Saturday, April 12, 2014


Each February I try and return to Tucson, Arizona, for the gem and mineral show (see numerous Blog postings) as well as to explore the surrounding countryside.  Of course, one of the more interesting geological localities is the Santa Catalina Mountains, the skyline-dominating range of north Tucson and Oro Valley.  There are very few roads heading into the western front and most travel is by foot.  However, the north end, and the “backside,” of the range have several trails and roads to explore by using the small community of Oracle as a base.  The major road from Oracle  heading directly into the interior of the Range is known as the “Control Road” and leads to Mt. Lemmon and the summer housing community of Summerhaven.  However, there are many smaller roads weaving in and out of the Range flanks and any traveler should obtain a good Forest Service map and/or topographic map.  These maps, besides showing the roads and trails, delineate the parcels of private land that are scattered throughout.

The Santa Catalinas have produced metallic ores such as gold, silver and copper; however, the Range has not yielded the huge deposits as at other nearby Arizona localities---for example, the Tiger/Mammoth/St. Anthony mines to the northeast and their deposits of gold, molybdenum, vanadium, lead and zinc and the San Manual copper deposits to the east.

It is not that gold is absent from the Catalinas for there have been several local “gold rushes” in the area, mostly around Oracle and the “backside” of the Range, but the yields generally have been low.  Mines were first staked and claimed in ~1880 and a geologist told me that perhaps 70-80 (or more) claims were posted close to Oracle.  He also informed me that shafts and holes are quite numerous but that many entrances are located on private property.  This trip I talked to some of the local residents and it appears that every year “some company” is about to reopen a gold mine, and plans on a big operation.  This “reopening” may be happening in the near future but the end product will be copper.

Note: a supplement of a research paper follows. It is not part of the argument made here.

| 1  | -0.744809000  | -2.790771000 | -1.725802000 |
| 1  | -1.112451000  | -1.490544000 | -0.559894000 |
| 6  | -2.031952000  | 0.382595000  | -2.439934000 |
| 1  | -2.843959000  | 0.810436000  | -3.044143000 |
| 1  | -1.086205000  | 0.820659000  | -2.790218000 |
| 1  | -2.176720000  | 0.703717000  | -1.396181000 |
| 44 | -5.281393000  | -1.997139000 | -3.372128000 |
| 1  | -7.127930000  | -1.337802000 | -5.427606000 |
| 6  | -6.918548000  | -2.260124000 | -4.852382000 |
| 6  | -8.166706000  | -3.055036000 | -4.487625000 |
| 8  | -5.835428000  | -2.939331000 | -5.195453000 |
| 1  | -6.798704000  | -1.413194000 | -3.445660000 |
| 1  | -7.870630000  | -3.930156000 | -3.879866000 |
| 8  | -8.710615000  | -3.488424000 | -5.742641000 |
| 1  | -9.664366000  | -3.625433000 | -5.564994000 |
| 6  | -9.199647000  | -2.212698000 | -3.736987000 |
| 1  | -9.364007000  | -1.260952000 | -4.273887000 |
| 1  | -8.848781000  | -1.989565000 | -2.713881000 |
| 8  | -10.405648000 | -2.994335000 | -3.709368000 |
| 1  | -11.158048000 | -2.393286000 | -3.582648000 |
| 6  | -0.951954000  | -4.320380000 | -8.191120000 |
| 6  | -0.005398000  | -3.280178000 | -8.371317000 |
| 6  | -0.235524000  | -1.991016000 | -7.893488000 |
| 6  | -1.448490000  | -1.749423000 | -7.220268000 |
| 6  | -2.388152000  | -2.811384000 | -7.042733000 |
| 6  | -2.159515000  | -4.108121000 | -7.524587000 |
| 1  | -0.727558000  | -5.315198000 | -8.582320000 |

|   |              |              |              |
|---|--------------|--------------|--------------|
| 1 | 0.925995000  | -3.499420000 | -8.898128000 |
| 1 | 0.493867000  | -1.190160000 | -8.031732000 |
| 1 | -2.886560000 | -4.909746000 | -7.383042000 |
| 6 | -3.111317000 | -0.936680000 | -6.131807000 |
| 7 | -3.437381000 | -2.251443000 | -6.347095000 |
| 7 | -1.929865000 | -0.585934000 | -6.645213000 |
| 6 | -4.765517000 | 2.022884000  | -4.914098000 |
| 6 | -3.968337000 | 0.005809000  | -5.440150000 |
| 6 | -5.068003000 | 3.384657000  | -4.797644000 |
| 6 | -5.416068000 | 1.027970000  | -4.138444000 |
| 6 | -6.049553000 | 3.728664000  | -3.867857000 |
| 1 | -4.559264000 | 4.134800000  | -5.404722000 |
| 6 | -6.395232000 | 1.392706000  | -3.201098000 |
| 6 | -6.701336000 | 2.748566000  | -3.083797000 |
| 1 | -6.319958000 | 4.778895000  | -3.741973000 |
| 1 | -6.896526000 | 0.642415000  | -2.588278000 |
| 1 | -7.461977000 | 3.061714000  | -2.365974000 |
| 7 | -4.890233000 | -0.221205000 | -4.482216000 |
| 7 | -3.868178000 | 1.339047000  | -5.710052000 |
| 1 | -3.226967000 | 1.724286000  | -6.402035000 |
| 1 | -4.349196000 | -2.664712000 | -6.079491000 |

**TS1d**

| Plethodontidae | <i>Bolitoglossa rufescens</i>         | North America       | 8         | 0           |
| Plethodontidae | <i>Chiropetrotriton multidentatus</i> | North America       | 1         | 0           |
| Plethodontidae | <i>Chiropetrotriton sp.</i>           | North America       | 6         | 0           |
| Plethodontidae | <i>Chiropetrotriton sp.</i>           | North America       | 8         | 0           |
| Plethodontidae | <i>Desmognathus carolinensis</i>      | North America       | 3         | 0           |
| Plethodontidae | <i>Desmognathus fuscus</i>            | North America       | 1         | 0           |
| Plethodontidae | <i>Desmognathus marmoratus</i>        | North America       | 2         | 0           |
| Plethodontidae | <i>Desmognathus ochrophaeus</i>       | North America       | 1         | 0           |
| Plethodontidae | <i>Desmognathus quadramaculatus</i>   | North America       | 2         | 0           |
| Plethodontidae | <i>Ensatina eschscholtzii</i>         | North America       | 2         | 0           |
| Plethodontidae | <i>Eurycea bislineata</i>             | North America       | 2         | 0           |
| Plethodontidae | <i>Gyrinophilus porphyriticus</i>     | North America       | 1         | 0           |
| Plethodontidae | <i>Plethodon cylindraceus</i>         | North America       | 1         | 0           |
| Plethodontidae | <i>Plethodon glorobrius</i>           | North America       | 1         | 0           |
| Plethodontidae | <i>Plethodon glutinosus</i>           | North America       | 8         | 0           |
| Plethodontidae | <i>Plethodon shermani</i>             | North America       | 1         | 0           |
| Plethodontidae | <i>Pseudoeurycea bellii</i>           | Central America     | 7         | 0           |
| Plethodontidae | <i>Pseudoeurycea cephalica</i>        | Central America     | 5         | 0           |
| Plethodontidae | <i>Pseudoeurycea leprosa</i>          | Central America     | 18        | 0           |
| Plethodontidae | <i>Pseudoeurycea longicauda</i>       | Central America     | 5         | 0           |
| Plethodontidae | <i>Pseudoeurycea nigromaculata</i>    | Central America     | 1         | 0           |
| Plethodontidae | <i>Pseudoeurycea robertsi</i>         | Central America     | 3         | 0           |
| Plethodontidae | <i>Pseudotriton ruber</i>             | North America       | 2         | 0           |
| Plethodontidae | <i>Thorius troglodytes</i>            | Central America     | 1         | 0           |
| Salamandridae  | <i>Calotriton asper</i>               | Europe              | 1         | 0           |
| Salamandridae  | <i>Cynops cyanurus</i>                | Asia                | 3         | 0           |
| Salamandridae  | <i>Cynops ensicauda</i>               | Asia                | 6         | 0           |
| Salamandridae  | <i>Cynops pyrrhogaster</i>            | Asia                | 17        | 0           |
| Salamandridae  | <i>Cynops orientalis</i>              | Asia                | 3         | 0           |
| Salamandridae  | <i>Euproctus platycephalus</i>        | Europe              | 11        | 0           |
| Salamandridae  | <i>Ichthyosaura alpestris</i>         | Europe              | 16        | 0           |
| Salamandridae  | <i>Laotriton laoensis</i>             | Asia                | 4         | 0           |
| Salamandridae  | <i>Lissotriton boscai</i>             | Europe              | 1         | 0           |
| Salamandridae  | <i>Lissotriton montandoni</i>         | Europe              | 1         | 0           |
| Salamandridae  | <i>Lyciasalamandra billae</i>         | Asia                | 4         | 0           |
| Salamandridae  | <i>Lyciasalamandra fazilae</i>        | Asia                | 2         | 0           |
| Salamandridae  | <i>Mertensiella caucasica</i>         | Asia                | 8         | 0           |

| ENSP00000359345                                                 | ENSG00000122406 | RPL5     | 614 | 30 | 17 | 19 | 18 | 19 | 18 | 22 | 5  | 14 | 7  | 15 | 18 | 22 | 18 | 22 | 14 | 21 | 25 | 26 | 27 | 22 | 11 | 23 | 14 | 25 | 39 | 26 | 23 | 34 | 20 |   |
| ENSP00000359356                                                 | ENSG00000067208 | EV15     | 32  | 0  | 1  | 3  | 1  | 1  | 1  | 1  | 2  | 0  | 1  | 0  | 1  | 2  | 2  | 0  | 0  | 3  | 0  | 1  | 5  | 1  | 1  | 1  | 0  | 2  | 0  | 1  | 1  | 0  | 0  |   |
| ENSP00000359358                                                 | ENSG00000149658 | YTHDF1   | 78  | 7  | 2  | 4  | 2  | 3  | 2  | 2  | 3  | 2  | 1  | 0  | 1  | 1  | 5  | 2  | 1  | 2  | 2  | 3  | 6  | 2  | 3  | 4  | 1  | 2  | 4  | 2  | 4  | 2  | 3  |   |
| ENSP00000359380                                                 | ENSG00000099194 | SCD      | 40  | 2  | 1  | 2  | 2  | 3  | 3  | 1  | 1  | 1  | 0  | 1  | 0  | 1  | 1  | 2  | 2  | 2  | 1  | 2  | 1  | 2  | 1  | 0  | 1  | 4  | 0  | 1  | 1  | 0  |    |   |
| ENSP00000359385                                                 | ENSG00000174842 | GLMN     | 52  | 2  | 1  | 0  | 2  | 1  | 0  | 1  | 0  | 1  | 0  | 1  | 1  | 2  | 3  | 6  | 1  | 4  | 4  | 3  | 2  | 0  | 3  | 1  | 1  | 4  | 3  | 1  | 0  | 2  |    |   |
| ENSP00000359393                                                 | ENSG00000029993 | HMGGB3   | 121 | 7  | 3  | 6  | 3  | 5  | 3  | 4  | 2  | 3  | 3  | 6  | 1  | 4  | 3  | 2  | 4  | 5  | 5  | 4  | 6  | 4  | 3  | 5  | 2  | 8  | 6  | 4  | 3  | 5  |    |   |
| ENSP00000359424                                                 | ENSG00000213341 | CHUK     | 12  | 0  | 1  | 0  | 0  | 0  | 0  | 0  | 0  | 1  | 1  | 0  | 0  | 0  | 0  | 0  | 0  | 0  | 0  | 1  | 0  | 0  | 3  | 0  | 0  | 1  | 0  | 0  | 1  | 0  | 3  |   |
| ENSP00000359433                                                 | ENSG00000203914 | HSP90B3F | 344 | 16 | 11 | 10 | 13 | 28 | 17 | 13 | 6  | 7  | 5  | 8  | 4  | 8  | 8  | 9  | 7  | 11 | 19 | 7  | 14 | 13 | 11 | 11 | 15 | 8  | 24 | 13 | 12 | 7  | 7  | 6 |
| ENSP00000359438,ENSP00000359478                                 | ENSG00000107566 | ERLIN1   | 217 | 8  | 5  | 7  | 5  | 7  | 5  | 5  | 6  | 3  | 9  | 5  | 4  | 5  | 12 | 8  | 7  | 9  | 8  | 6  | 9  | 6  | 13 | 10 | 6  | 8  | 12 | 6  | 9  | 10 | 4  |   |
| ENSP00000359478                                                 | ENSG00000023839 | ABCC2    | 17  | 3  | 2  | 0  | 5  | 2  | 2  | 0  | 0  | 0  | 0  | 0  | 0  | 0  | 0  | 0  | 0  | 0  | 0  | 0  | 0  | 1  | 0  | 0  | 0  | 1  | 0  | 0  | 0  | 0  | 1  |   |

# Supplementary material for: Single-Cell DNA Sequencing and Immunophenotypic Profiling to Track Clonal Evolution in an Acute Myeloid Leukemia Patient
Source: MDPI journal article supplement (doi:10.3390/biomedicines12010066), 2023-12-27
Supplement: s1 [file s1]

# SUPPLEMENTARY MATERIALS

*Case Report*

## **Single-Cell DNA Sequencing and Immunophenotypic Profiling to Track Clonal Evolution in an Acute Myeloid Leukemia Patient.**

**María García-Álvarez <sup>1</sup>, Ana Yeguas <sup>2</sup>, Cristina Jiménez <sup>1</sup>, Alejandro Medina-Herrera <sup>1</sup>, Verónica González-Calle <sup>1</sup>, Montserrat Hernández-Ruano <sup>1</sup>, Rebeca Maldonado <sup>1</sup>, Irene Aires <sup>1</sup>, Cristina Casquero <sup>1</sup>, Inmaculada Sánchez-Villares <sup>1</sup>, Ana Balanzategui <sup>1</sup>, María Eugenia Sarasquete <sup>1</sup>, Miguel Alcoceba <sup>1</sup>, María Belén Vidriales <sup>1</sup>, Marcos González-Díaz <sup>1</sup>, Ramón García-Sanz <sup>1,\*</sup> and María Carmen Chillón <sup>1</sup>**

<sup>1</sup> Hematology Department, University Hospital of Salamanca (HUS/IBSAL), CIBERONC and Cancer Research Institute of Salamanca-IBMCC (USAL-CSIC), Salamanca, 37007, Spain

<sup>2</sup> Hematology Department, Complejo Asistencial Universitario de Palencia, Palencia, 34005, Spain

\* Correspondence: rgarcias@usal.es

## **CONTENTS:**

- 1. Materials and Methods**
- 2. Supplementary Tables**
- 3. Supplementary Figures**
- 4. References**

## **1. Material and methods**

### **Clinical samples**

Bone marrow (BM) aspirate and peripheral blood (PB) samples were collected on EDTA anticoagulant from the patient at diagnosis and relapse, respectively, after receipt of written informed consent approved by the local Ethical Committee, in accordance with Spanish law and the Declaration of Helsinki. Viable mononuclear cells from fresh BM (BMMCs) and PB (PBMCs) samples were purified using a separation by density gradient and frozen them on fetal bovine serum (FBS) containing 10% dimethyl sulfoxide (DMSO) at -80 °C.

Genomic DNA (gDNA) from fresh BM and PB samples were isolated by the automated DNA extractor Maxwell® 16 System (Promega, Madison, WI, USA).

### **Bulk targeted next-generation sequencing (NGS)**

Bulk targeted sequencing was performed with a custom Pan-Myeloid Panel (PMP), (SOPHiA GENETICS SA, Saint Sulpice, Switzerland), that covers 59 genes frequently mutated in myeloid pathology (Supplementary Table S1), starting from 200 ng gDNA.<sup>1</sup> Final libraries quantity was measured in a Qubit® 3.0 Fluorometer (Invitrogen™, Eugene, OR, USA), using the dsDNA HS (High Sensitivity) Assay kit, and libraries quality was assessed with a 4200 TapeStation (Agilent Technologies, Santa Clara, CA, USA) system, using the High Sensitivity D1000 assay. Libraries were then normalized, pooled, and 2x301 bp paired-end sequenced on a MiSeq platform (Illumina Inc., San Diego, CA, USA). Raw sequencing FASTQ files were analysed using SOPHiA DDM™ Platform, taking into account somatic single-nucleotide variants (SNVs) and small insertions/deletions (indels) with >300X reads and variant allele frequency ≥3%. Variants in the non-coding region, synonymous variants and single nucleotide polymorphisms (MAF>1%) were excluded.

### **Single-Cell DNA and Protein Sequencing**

For several years Oracle Ridge Copper has been in the planning stages to reopen the Oracle Ridge mine located on the backside of the Range west of San Manual.  A February 2014 news release noted that core drilling and evaluation indicated the feasibility of producing substantial amounts of copper with some silver and less gold.  The company is progressing toward active mining.
The geology around Oracle is fairly complex---a big hunk of the Oracle Granite of Precambrian age (~1.4 Ga) with Tertiary intrusions and volcanics, much faulting, and evidently some Paleozoic limestones.  It is tough to find out much about the geology of the mining area but it seems as though the mineralization is related to faulting and I suppose hydrothermal alteration. Interesting Cenozoic features include the bajadas sloping off the range in all directions. They form as alluvial fans accumulate sediments at the mouths of canyons, and then with time these fans increase in size and coalesce into bajadas.  The second feature to appear in the area are boulder inselbergs, small hills of fractured granite arising from the bajadas.  An inselberg is an isolated “hill” and the Oracle inselbergs are in-place rounded boulders of the granite dissected by numerous joints. 

So, during my road trip I was driving around on the various minor country roads looking at the rocks and trying to decide if I wanted to explore since it appeared that much of the land was private/claimed.  I was also sort of spooked since I did not have on my gators and a couple of days before had seen a quite large rattlesnake.  I was hiking down a trail, minding my own business, and had adopted the geology stroll---keeping your eyes on the ground.  All of a sudden I stopped in my tracks after hearing a big buzzzzzzz, a sound that hikers and geologists never forget.  There it was, about 8-10 feet down the trail, coiled and unhappy that I had disturbed his nap in the sun.  I tossed a couple of small rocks in his direction, said something like “shoo snake”, and waited. Those actions only ticked him off and made him really mad.  I wisely decided that discretion is the better part of valor and took a wide detour.